In Maryland, the Council on American-Islamic Relations filed a complaint with the Equal Employment Opportunity Commission against Montgomery County Public Schools on behalf of a teacher who said they were suspended for using the phrase “from the river to the sea” in their e-mail signature.

Palestinians have pointed to this decades-old Palestinian rallying cry that has long been used to express support for Palestinian rights and freedom. However, some Jewish advocacy groups consider the phrase to be code for violence against Israelis and Jews and advocating to wipe Israel off the map.

Montgomery County Public Schools officials have not yet returned ABC News' request for comment.

In Florida, a Palm Beach elementary school teacher was targeted by local lawmakers who argued for her suspension after she used "from the river to the sea" on social media, according to a statement from Rep. Mike Caruso read at a school board meeting.

The Palm Beach Post reported that the teacher also asked school officials to express support for the Palestinian community amid the ongoing conflict, and that she was later suspended while the school investigates whether she broke any laws or district rules by doing so.

School District of Palm Beach County officials, as well as local teachers union officials, have not yet returned ABC News' request for comment.

"We're working in an environment of where there has been a chilling effect on teaching honestly about U.S. history and foreign policy for a long time," said Deborah Menkart, the co-director of the education advocacy group Zinn Education Project.

Frustrated by silence

PHOTO: Student backpacks hang on the backs of classroom chairs on the second to last day of school as New York City public schools prepare to wrap up the year at Yung Wing School P.S. 124 on June 24, 2022 in New York City.
Student backpacks hang on the backs of classroom chairs on the second to last day of school as New York City public schools prepare to wrap up the year at Yung Wing School P.S. 124 on June 24, 2022 in New York City.
Michael Loccisano/Getty Images, FILE

But in schools where teachers decline to touch on the subject, students say they feel frustrated by the silence.

"I feel like they don't really talk about it," said an 11th-grade student in Fremont High School in Oakland, California. "We're living our normal lives. And it looks like we're ignoring what's happening over there. Even though it's so far away from us, it still affects us."

Social studies teacher Joseph Nappi, who is this year's New Jersey State Teacher of the Year, said that choosing not to tackle the subject with students "is also a choice."

"If we're not going to give our students the skills and the resources and the context to try to make sense of this, then we're kind of trusting them to figure it out on social media," said Nappi, who teaches at Monmouth Regional High School.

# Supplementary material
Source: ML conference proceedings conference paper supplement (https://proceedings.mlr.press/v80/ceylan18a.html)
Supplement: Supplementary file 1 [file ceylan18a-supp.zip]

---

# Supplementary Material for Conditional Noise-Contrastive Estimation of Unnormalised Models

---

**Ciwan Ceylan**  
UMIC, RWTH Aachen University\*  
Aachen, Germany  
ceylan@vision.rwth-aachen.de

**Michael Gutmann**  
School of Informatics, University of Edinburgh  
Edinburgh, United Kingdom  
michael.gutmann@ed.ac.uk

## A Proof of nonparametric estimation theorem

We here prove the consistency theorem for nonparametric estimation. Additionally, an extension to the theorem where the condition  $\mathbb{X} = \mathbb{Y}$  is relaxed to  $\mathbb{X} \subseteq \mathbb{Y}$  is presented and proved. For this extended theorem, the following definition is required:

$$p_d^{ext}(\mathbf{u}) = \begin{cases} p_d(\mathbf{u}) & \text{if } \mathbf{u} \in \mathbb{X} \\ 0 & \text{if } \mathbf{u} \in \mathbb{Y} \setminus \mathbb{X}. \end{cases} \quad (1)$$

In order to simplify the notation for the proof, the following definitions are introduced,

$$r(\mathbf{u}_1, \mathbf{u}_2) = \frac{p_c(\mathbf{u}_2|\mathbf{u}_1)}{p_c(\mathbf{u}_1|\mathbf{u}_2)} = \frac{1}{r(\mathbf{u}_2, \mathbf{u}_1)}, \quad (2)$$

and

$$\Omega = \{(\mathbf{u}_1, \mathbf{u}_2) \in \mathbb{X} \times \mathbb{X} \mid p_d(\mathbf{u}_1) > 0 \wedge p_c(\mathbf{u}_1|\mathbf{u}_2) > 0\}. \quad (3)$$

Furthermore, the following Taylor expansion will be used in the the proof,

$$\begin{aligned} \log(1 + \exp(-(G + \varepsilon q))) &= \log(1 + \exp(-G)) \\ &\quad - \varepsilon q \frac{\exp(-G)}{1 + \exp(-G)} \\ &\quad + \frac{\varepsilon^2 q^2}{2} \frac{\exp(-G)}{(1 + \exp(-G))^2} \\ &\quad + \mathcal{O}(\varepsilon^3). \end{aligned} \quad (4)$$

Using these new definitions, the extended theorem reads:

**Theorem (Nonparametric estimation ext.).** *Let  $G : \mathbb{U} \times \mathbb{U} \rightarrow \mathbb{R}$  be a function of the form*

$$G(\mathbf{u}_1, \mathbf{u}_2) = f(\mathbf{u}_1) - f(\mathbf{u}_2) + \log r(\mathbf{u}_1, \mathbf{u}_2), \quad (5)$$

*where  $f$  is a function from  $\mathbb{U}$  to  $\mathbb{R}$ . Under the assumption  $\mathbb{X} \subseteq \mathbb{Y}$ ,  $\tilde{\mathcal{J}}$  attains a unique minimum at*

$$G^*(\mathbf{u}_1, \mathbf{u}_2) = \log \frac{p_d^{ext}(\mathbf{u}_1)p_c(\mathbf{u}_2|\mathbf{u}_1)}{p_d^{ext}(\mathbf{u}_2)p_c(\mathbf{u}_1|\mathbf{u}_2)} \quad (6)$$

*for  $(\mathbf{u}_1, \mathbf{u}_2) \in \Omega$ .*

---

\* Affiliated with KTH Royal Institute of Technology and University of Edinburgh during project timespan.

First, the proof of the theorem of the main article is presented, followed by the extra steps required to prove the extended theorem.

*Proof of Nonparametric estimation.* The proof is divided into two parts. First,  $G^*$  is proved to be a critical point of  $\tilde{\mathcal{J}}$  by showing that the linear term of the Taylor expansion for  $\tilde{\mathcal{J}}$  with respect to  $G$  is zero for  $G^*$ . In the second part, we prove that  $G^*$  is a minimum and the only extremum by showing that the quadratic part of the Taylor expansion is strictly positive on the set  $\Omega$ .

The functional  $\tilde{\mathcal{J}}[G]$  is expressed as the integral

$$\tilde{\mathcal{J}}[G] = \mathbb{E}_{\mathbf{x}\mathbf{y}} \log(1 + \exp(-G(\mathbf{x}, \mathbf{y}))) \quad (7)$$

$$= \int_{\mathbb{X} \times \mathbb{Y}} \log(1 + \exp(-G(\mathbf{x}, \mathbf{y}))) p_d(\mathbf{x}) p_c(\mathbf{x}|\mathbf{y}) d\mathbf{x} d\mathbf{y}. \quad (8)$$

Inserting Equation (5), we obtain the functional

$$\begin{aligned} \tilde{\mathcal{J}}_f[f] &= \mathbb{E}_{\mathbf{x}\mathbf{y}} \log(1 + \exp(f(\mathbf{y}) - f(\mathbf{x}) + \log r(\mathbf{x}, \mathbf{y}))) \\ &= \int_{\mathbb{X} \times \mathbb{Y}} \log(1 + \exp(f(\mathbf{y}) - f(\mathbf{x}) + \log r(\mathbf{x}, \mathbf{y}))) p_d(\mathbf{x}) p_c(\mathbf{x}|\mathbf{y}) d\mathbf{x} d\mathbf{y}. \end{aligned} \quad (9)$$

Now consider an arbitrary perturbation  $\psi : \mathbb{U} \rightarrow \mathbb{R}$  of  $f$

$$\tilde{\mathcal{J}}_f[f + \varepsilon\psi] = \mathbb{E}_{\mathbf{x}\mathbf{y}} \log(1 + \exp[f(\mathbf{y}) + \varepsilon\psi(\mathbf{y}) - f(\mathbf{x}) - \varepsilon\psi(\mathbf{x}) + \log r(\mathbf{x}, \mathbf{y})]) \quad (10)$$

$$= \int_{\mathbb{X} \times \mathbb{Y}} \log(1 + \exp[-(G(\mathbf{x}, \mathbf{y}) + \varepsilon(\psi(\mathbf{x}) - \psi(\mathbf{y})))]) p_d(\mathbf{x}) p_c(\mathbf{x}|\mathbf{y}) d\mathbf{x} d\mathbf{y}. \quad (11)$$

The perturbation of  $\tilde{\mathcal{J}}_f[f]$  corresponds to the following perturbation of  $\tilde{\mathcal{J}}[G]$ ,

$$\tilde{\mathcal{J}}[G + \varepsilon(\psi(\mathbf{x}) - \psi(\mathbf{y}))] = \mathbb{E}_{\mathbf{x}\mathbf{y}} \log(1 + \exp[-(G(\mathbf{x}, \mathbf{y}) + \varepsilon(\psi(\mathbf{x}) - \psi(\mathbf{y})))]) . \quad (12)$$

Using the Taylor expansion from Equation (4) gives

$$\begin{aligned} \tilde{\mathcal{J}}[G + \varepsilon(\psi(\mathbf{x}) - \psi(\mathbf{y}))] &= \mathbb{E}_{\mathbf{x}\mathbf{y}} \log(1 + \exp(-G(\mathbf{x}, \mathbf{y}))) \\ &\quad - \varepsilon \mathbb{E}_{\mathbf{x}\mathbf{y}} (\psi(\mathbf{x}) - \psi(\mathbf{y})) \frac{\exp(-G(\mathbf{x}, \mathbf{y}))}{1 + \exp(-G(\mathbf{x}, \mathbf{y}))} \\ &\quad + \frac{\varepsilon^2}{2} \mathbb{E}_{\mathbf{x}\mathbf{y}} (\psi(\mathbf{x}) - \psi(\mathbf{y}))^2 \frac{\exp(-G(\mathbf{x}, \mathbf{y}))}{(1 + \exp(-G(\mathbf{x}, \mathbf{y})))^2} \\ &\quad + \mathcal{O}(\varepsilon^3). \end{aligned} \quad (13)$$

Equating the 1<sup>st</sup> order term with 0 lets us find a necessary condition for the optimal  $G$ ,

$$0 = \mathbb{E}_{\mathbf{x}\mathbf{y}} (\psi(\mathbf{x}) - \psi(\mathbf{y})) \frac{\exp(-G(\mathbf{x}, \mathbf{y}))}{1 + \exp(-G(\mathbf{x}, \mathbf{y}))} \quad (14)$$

"And I think for those of us who spend some time on social media, that's kind of a horrifying proposition."

The students interviewed by ABC News said they've used social media to learn more about the conflict, including personal accounts of what was happening on the ground in Israel and Gaza.

While educators acknowledged social media has allowed students to access a diversity of perspectives, it has also allowed students to encounter misinformation or hate speech.

Educators warn that falsehoods students encounter online may go uncorrected if schools fail to help students navigate the conversation.

Nappi, who touches on subjects like antisemitism and Islamophobia in his classroom, said that he approaches conversations with the belief that some hateful rhetoric is unintentional.

"I think that's where you can get teachable moments, right? Where you can take those moments and talk about 'why do I have a problem with what you just said?' and 'what is it in here that's problematic?'" Nappi said.

Touching on sensitive subjects

New York City history teacher Sari Beth Rosenberg at the High School for Environmental Studies said students reported hearing questions like "Are you Team Israeli? Or are you Team Palestinian?" at the cafeteria after the war began.

She said it came as no surprise to her, "because if you look at the online space, that was already happening the day after -- if not that day of -- the attack."

After a conversation with her students, she says she decided she's on "team humanity."

"I know that it sounds corny, but it's true," Rosenberg said. "And when you're talking to a diverse student population -- and we're an increasingly diverse nation -- it's so important in a school setting that you first frame it around humanity. If you're going to bring up teams, I think we need to start with a common ground."

Despite a growing climate of uncertainty and fear for some, other teachers have reached out to educational organizations like Facing History and Ourselves, Zinn Education Project and the AFT for resources to begin to bring the discussion into their classroom.

The American Federation of Teachers said its online lesson plans that explore the historical context and perspectives of the Israeli-Palestinian conflict have been viewed thousands of times since the war began, and teachers from across the country have reached out for help -- with the majority coming from California, New York, Virginia, Illinois, Texas and Pennsylvania.

"When you're talking about something that's deeply personal to someone's roots, their religion, their ethnicity, it's scary because you just don't want anyone to get hurt," said Rosenberg, who says her school's administration has provided teachers with informational resources to help them implement such discussions in their classrooms.

She continued, referring to the tense and sometimes violent altercations between people with opposing viewpoints: "If we are not having these conversations about divisive issues, and helping kids frame it in a way so the kids know to have these conversations, we're going to have even more of what we're seeing on the internet and also offline on the streets."